How to Make the Iranian Nuclear Deal Durable

How to Make the Iranian Nuclear Deal Durable

The United States and Iran should aim for reaching a modus vivendi keeping their political conflict within manageable limits.


The fate of the Joint Comprehensive Plan of Action (JCPOA), or what is more commonly known as the Iran nuclear deal, is hanging by a thread. As diplomats are jockeying to find a way to revive the nuclear agreement, the bigger question hanging on policymakers’ heads is how to prevent a revived JCPOA or any other similar deal with Iran from suffering the same fate under President Joe Biden or his successors, and ensure its durability. Reaching a grand bargain with Tehran and involving the U.S. Congress in the adoption of the nuclear deal appear as two potential solutions, but they are not practical and realistic. Rather, what can save the Iran nuclear deal, in the long run, is resetting the Iran-U.S. relationship and establishing a modus vivendi between the two countries. 

The record of the JCPOA’s enforcement over the past five years demonstrates that the main threat to any nuclear agreement with Tehran emanates in large part from Washington’s desire to preserve most of its economic leverage over Iran and minimize the actual benefits of sanctions removal for the country. This is basically because the core dispute between the United States and Iran is about the region, not just the nuclear issue. Trump’s withdrawal from the JCPOA in May 2018 and the reimposition of unprecedented U.S. sanctions against Iran clearly bear out this assessment, as they were meant to regain and expand U.S. bargaining power against Iran in the hope of securing a better nuclear deal and addressing the regional issues.


The fear of U.S. defection along with security motivations also incentivizes Tehran to refrain from undertaking irreversible commitments and to preserve a significant portion of its nuclear capabilities as leverage. The asymmetry of commitments reversibility between the United States and Iran—or the relative ease and speed with which Washington may snap back its sanctions and the arduous and lengthy process of rebuilding its nuclear infrastructure and low-enriched uranium reserves for Tehran—makes these concerns more acute for Iranian policy-makers. The experience of the U.S. withdrawal from the JCPOA has only validated these fears for Tehran and exacerbated the atmosphere of mutual mistrust between the two countries.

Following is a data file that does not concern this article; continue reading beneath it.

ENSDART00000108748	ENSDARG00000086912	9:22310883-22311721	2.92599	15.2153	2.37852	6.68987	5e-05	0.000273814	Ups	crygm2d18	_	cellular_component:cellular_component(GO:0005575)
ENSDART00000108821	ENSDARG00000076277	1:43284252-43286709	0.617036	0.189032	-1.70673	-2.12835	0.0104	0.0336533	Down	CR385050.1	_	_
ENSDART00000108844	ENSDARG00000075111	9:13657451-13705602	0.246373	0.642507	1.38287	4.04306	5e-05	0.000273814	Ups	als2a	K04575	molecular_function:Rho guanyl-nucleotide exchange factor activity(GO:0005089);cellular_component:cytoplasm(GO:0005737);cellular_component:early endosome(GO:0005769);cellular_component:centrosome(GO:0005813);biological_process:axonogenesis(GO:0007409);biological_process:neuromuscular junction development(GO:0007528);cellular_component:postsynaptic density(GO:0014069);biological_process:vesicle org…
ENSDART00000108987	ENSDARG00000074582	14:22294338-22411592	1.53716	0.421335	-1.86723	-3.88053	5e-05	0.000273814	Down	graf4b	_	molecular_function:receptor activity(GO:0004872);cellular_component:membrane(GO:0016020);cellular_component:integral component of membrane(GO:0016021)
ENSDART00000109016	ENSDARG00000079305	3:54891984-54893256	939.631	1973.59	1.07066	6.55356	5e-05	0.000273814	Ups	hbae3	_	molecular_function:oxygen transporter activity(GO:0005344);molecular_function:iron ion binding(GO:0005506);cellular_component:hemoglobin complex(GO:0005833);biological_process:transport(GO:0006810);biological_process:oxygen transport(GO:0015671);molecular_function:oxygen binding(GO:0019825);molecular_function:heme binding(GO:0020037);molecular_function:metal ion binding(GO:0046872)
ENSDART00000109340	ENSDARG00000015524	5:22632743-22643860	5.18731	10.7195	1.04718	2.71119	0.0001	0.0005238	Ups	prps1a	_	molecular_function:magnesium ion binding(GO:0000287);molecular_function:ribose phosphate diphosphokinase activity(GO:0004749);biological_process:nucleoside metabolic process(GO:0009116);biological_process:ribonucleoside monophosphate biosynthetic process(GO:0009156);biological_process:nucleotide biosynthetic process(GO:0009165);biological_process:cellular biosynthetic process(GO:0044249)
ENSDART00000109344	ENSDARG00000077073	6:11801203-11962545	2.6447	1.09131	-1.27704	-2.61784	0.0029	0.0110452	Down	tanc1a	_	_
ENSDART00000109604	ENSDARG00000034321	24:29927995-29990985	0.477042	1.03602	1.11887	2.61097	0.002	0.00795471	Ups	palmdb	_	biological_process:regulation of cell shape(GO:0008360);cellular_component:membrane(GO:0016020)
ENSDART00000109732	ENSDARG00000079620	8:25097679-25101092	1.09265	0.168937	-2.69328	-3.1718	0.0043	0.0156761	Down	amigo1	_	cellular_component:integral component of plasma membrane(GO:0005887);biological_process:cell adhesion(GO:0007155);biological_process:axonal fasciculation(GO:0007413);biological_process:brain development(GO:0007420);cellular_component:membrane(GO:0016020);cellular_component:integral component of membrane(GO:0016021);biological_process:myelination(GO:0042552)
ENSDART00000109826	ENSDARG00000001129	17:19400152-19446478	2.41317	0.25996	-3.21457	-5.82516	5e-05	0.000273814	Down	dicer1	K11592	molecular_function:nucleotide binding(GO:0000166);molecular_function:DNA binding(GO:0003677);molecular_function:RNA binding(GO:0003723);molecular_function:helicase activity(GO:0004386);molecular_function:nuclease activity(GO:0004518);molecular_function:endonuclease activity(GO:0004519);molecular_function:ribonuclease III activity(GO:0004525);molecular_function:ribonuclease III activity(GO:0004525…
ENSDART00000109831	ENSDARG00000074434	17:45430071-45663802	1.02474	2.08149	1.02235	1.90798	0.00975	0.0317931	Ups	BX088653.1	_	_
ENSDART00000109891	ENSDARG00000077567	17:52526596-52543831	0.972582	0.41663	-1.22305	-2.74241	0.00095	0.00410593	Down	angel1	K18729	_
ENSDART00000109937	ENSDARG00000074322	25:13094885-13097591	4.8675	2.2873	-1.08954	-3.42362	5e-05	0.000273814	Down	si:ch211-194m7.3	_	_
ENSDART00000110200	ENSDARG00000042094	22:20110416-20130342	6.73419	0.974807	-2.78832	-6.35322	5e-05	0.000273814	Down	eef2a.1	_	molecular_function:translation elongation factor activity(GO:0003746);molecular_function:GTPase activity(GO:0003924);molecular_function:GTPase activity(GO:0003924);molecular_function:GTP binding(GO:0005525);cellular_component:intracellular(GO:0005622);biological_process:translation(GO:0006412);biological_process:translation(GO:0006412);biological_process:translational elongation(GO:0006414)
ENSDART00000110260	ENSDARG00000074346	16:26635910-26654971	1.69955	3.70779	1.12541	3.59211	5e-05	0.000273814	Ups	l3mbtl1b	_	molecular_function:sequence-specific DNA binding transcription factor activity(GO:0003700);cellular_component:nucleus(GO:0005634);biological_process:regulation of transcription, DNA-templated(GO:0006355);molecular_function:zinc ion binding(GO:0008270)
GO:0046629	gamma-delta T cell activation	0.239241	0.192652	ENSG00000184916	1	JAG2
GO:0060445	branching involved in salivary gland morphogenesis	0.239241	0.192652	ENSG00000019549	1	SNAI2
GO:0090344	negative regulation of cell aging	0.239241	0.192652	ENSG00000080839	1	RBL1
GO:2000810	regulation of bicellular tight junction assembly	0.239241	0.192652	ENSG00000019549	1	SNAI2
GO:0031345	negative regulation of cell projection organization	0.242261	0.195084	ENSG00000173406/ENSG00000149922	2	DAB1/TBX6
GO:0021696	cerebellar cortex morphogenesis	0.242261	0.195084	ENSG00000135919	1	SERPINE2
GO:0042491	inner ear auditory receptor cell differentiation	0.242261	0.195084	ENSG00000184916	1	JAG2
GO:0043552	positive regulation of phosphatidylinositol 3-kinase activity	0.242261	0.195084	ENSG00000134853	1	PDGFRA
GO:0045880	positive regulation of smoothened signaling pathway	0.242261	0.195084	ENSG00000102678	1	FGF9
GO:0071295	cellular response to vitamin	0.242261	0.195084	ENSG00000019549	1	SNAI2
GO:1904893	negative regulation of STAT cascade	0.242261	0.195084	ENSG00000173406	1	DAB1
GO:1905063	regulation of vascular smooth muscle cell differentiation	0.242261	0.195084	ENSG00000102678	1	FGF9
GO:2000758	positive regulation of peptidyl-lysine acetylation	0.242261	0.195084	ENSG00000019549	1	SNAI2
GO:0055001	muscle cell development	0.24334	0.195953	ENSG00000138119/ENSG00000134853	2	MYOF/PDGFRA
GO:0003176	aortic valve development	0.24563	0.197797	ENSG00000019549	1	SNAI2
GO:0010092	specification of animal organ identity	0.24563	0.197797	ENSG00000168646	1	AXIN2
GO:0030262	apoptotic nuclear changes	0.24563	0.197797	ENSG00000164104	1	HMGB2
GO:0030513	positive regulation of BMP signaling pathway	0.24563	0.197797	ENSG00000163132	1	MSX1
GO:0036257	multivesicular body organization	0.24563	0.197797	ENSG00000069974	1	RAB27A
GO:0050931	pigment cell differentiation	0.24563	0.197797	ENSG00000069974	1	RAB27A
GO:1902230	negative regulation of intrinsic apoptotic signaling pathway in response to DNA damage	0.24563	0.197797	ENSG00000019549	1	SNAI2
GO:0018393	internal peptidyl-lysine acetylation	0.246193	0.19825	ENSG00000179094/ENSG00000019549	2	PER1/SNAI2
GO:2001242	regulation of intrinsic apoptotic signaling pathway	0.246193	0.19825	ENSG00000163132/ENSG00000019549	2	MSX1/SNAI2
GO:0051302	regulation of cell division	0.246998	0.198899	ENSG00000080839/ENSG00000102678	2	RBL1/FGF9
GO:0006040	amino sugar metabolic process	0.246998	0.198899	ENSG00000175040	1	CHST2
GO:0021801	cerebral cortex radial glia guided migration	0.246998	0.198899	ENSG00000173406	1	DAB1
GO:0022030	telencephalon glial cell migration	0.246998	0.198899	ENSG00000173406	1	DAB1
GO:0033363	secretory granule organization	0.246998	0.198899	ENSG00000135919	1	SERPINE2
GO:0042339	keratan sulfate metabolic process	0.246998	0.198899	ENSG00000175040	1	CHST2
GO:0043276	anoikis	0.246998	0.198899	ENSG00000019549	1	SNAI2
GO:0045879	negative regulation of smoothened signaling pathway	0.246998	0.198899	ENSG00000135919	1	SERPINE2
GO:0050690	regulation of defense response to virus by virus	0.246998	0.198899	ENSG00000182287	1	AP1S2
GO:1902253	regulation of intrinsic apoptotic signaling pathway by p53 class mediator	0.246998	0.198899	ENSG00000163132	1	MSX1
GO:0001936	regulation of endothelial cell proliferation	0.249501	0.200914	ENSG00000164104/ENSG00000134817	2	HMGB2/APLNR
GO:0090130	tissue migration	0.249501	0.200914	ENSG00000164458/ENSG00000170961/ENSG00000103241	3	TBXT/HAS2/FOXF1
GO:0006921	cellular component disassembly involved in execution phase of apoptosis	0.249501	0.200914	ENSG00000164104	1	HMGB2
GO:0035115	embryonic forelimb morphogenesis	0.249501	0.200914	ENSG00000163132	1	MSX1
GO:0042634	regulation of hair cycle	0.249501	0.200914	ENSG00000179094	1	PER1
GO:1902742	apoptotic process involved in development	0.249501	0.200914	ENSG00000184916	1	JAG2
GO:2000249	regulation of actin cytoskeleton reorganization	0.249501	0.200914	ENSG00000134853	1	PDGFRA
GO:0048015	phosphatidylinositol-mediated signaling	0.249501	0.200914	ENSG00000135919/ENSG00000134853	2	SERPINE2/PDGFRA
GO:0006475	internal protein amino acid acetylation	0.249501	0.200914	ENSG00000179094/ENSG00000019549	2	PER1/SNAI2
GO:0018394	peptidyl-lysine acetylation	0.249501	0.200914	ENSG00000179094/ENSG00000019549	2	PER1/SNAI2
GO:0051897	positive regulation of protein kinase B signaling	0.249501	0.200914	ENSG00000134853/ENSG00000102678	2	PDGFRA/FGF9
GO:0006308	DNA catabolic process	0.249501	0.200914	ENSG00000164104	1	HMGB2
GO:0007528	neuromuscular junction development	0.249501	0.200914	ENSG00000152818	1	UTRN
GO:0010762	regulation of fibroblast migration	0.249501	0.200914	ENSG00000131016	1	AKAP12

Overcoming this dilemma would not be possible without departing from the current zero-sum mentality plaguing the Iran-U.S. relationship. Both Washington and Tehran need to recognize that their intractable conflict over the past four decades has produced no clear winner and has only brought about lose-lose outcomes for them. The United States and Iran should aim for reaching a modus vivendi keeping their political conflict within manageable limits. However, it would not be possible to minimize animosity without anchoring U.S. strategy in a more realistic assessment of Iran’s capabilities and intentions in the region and divorcing it from exaggerated and alarmist views.

A realistic U.S. strategy should be guided by the fact that Iran is only one of several middle powers in the Middle East and that its military expenditures are far below those of even some of the second and third-tier powers in the region. Iran’s quest for its natural and legitimate regional role should not blind one to the fact that in nearly all its regional interventions, Iran has operated in countries such as Syria and Iraq to save allies from collapse rather than embarking upon imperial expansion. Similarly, one should not lose sight of the fact that Iran’s military involvement in the region pales in comparison to those of Saudi Arabia, Turkey, and Israel both in terms of form and magnitude.